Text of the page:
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ENG 201: Research in the Disciplines (NYC)

Use this guide to get started on your research for your ENG 201

What is a Scholarly Journal?

Scholarly, academic, refereed, peer-reviewed - these terms are sometimes used interchangeably, but what do they mean? Scholarly sources can be books, book chapters or journal articles. For the most part, the most recent research is found in scholarly journals.

Peer-reviewed and refereed publications: "articles submitted to a periodical are examined both by the editor and one or more specialists in the individual field before approval is given to publish. The purpose of the readers (often called an editorial board) is to ensure a better chance that the final product will be a contribution to knowledge." (Definition from Magazines for Libraries, New York : Bowker 1997).

Searching for Scholarly Journals & Articles

You can use our Quick Search, which searches across about 85 of the 200 subscription databases that Pace Libraries has access to discover scholarly journal articles:

And narrow your search results to "Academic Journals":

You can also browse our databases. The databases listed below contain articles in a variety of academic fields and disciplines:

You can explore more of our databases by name or subject from the library homepage:

Evaluating Academic Resources

What is Peer Review?

An article that has been reviewed by experts in the field in which it is about before being accepted for publication. To learn more about what it means when something has been "peer reviewed," check out the video from NCSU libraries posted below:


There are two types of bias that are important to keep in mind during the research and writing process:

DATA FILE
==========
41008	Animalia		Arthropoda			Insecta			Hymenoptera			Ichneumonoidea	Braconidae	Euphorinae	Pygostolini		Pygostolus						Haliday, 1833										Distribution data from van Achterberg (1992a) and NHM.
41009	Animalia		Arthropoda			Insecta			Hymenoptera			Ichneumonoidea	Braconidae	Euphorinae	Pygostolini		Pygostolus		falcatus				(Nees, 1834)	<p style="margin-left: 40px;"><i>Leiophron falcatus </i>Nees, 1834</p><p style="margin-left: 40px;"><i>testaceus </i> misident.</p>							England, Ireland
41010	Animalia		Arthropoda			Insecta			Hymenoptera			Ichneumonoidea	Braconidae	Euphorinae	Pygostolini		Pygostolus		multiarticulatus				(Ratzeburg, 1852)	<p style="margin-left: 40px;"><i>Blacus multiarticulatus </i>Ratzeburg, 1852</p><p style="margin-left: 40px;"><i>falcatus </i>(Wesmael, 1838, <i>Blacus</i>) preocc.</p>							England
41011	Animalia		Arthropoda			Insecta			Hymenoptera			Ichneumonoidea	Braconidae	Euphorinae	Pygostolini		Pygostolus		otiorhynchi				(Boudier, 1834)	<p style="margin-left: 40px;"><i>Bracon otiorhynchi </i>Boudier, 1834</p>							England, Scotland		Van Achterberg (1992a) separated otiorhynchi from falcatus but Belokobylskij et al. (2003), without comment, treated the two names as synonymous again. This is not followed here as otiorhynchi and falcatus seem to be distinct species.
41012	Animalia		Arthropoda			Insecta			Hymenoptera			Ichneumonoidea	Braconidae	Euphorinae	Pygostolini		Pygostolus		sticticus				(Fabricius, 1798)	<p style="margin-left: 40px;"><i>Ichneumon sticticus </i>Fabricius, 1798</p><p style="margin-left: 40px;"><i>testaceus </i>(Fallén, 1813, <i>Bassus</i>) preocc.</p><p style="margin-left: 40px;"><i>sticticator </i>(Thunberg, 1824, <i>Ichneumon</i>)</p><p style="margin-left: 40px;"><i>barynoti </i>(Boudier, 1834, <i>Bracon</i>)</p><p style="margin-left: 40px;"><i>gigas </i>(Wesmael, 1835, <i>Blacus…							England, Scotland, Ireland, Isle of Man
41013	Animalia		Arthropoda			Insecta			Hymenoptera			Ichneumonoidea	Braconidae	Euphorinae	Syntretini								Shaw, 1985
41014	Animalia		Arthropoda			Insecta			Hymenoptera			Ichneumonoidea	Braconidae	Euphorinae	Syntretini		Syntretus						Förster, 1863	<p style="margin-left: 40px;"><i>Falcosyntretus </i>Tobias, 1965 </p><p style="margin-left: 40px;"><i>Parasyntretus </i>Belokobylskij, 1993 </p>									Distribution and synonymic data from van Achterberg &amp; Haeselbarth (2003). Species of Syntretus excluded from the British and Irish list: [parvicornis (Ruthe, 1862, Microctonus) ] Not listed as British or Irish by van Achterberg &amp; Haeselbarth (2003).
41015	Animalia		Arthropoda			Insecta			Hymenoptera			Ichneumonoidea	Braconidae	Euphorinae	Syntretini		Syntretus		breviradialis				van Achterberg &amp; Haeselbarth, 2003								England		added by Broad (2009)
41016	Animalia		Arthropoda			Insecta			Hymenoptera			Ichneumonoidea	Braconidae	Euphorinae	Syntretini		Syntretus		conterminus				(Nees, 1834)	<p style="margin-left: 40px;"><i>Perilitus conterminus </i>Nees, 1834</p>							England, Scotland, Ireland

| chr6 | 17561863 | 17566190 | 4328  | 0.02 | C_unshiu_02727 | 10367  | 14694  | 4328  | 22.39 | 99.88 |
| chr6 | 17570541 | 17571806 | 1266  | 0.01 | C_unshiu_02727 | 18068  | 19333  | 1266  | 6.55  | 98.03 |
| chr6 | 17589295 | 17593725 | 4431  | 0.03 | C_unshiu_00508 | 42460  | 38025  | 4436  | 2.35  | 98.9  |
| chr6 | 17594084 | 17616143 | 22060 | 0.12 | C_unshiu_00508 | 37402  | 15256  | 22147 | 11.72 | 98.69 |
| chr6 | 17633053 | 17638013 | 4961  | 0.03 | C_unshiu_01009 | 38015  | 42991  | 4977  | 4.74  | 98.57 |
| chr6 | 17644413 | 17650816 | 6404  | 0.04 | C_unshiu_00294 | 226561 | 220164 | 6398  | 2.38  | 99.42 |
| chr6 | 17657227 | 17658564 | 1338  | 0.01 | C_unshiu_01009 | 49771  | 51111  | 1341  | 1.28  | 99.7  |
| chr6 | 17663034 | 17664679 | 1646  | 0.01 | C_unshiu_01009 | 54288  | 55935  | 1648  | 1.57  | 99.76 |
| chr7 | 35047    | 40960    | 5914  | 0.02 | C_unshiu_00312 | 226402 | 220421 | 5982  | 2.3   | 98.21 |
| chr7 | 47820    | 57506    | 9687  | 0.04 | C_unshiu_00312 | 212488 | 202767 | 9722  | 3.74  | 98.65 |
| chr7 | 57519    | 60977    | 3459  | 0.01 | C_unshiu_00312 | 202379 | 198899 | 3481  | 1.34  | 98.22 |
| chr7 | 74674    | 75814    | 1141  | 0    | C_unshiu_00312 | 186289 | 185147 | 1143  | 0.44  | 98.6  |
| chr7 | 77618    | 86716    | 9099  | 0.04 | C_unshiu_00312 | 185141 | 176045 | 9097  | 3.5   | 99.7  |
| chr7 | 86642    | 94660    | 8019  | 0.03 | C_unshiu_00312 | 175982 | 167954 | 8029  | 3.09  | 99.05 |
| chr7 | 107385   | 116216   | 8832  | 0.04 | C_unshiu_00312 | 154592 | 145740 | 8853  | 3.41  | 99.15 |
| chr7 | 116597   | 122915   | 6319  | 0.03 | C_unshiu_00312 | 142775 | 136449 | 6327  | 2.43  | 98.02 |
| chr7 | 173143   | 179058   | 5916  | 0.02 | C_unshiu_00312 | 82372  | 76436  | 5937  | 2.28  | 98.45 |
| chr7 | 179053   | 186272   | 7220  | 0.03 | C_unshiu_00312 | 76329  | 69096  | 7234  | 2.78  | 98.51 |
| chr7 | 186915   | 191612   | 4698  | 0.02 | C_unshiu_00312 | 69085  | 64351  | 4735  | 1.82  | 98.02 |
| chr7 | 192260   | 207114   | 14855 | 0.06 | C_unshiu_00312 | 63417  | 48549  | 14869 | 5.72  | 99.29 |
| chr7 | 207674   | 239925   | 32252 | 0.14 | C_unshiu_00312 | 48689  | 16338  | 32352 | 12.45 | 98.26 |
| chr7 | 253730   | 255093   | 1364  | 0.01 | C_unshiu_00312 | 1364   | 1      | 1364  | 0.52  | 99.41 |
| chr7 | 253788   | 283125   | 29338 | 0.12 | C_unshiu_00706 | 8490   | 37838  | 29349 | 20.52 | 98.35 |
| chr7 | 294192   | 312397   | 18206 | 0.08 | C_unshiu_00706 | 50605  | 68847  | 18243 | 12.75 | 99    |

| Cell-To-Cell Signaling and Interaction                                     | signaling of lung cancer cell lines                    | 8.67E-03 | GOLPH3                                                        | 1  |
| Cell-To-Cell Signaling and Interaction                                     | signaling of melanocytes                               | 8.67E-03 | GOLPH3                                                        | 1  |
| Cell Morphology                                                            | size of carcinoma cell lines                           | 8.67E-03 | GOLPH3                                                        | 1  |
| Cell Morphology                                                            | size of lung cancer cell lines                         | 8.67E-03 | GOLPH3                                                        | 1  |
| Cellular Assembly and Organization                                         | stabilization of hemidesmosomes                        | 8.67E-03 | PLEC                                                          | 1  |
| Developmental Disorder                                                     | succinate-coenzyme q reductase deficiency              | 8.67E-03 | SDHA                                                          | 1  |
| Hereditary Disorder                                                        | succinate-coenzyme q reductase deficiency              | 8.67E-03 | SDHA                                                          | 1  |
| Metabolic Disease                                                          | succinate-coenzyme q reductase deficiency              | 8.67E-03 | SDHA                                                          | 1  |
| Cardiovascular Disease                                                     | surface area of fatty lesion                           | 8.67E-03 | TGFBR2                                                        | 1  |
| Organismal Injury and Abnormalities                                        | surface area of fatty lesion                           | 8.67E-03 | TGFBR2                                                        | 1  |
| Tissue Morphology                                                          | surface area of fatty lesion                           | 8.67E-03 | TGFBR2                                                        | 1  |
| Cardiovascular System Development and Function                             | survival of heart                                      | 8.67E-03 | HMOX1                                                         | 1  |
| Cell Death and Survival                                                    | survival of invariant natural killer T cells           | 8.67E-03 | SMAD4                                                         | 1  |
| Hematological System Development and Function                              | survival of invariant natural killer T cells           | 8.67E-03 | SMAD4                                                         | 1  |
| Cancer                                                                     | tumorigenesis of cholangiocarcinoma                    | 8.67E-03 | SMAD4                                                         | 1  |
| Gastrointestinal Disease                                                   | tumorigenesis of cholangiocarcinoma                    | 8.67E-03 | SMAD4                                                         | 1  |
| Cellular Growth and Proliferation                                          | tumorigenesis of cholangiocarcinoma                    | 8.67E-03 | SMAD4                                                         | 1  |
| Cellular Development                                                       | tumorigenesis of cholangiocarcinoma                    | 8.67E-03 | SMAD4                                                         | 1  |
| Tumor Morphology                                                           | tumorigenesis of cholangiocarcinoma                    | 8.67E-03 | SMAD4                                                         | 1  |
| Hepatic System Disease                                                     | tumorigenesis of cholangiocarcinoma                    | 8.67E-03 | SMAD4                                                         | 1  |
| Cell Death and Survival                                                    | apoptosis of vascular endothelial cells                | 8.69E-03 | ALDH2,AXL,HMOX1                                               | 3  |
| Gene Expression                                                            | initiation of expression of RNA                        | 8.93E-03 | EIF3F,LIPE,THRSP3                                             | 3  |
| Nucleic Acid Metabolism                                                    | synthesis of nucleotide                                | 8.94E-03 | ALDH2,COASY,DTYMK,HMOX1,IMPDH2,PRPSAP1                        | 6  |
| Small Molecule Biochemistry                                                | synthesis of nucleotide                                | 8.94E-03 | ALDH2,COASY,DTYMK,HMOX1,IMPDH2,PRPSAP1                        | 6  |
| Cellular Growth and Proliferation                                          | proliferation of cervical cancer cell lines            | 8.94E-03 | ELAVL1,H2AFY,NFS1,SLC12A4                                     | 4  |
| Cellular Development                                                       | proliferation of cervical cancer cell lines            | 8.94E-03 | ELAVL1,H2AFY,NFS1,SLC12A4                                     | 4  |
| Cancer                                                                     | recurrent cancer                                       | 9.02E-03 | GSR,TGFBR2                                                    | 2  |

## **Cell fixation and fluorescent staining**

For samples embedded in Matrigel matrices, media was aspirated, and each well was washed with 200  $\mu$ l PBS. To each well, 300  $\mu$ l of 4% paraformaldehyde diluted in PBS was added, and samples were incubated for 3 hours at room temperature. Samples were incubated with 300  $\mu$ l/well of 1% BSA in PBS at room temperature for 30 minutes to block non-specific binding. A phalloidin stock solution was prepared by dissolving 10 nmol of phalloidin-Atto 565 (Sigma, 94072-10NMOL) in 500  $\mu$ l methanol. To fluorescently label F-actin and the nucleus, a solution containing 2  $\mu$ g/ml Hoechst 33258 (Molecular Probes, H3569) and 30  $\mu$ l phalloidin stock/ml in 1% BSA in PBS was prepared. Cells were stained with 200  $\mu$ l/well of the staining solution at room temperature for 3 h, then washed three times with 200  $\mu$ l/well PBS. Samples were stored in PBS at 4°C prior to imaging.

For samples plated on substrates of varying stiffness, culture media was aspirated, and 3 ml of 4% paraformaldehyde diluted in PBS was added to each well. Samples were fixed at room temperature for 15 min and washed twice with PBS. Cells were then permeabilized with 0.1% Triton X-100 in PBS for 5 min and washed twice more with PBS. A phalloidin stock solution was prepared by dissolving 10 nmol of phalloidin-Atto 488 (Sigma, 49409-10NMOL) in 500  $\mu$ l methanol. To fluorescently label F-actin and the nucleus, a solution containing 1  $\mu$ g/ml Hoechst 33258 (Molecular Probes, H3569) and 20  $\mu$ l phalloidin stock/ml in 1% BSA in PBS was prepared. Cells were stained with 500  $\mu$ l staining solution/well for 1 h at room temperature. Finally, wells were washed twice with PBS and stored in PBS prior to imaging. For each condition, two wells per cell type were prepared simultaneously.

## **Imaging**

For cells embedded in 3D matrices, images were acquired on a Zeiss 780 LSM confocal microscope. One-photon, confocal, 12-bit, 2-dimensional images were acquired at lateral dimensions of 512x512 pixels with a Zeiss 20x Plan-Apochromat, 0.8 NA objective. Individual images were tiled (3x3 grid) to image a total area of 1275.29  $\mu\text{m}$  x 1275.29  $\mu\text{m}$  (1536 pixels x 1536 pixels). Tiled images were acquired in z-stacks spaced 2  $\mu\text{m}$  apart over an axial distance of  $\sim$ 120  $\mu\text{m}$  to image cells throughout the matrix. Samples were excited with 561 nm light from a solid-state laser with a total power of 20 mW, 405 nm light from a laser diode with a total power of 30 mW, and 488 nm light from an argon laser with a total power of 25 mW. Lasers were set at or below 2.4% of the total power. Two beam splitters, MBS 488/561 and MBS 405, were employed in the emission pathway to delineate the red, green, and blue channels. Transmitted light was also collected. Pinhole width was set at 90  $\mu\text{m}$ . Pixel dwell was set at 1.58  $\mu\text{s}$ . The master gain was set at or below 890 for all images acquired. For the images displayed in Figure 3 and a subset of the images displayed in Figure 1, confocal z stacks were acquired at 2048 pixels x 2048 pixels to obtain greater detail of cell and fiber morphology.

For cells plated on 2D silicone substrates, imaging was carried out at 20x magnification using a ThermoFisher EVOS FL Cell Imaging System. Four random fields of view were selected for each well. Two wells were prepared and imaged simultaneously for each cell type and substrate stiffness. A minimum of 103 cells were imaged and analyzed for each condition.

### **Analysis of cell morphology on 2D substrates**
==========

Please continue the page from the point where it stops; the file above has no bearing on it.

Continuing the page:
Confirmation Bias:

This is when you deliberately shape evidence to support your argument/agenda, and ignore information that supports the contrary.

For example: You are writing a paper that argues that vegetarians are better athletes because they avoid red meat. There is information that supports your argument, but there is also a lot of information that supports the opposing argument. Without acknowledging that this other information exists, your work has a confirmation bias.

Implicit Bias:

Implicit bias occurs when someone consciously rejects stereotypes and supports anti-discrimination efforts but also holds negative associations in his/her mind unconsciously. In other words, the work may say one thing, but express another by reinforcing stereotypes and prejudices that otherwise would suggest a prejudicial bias on the behalf of the author. It's important to be able to discern the intentions of the author of any piece of information that you absorb.

With resources like Google at our fingertips, information isn't hard to find.

What is challenging is determining whether that information is credible, and can trusted.

Web sources can be particularly hard to evaluate, so here is a handy acronym to help you determine if a source may be CRAP.

  • CURRENCY How recently was this information published/posted? Can you find a publication date?
  • RELIABILITY:  Is the information supported by evidence? Can it be confirmed by other sources?
  • AUTHORITY:  Who wrote the information - are they an expert or knowledgeable in their field? (i.e. For health information, did a doctor or nurse write it? For science information, did a scientist or researcher write it?)
  • PURPOSE / POINT OF VIEW:  Why was it written? To sell something? To sway opinion? Is it biased toward a particular point of view?

Interlibrary Loan

When you find an article in a research database and it is not immediately available, use the Search for Item button to search Pace's periodical holdings (print and electronic). If you are told to use Pace's Interlibrary Loan (ILLiad) service to request an article, follow the link.

  • Articles (pdf files/photocopies) can take anywhere from 24 hours to a few days to obtain. 
  • Books, conference proceedings and other documents are also available via Interlibrary Loan and can be picked up at your home campus Library.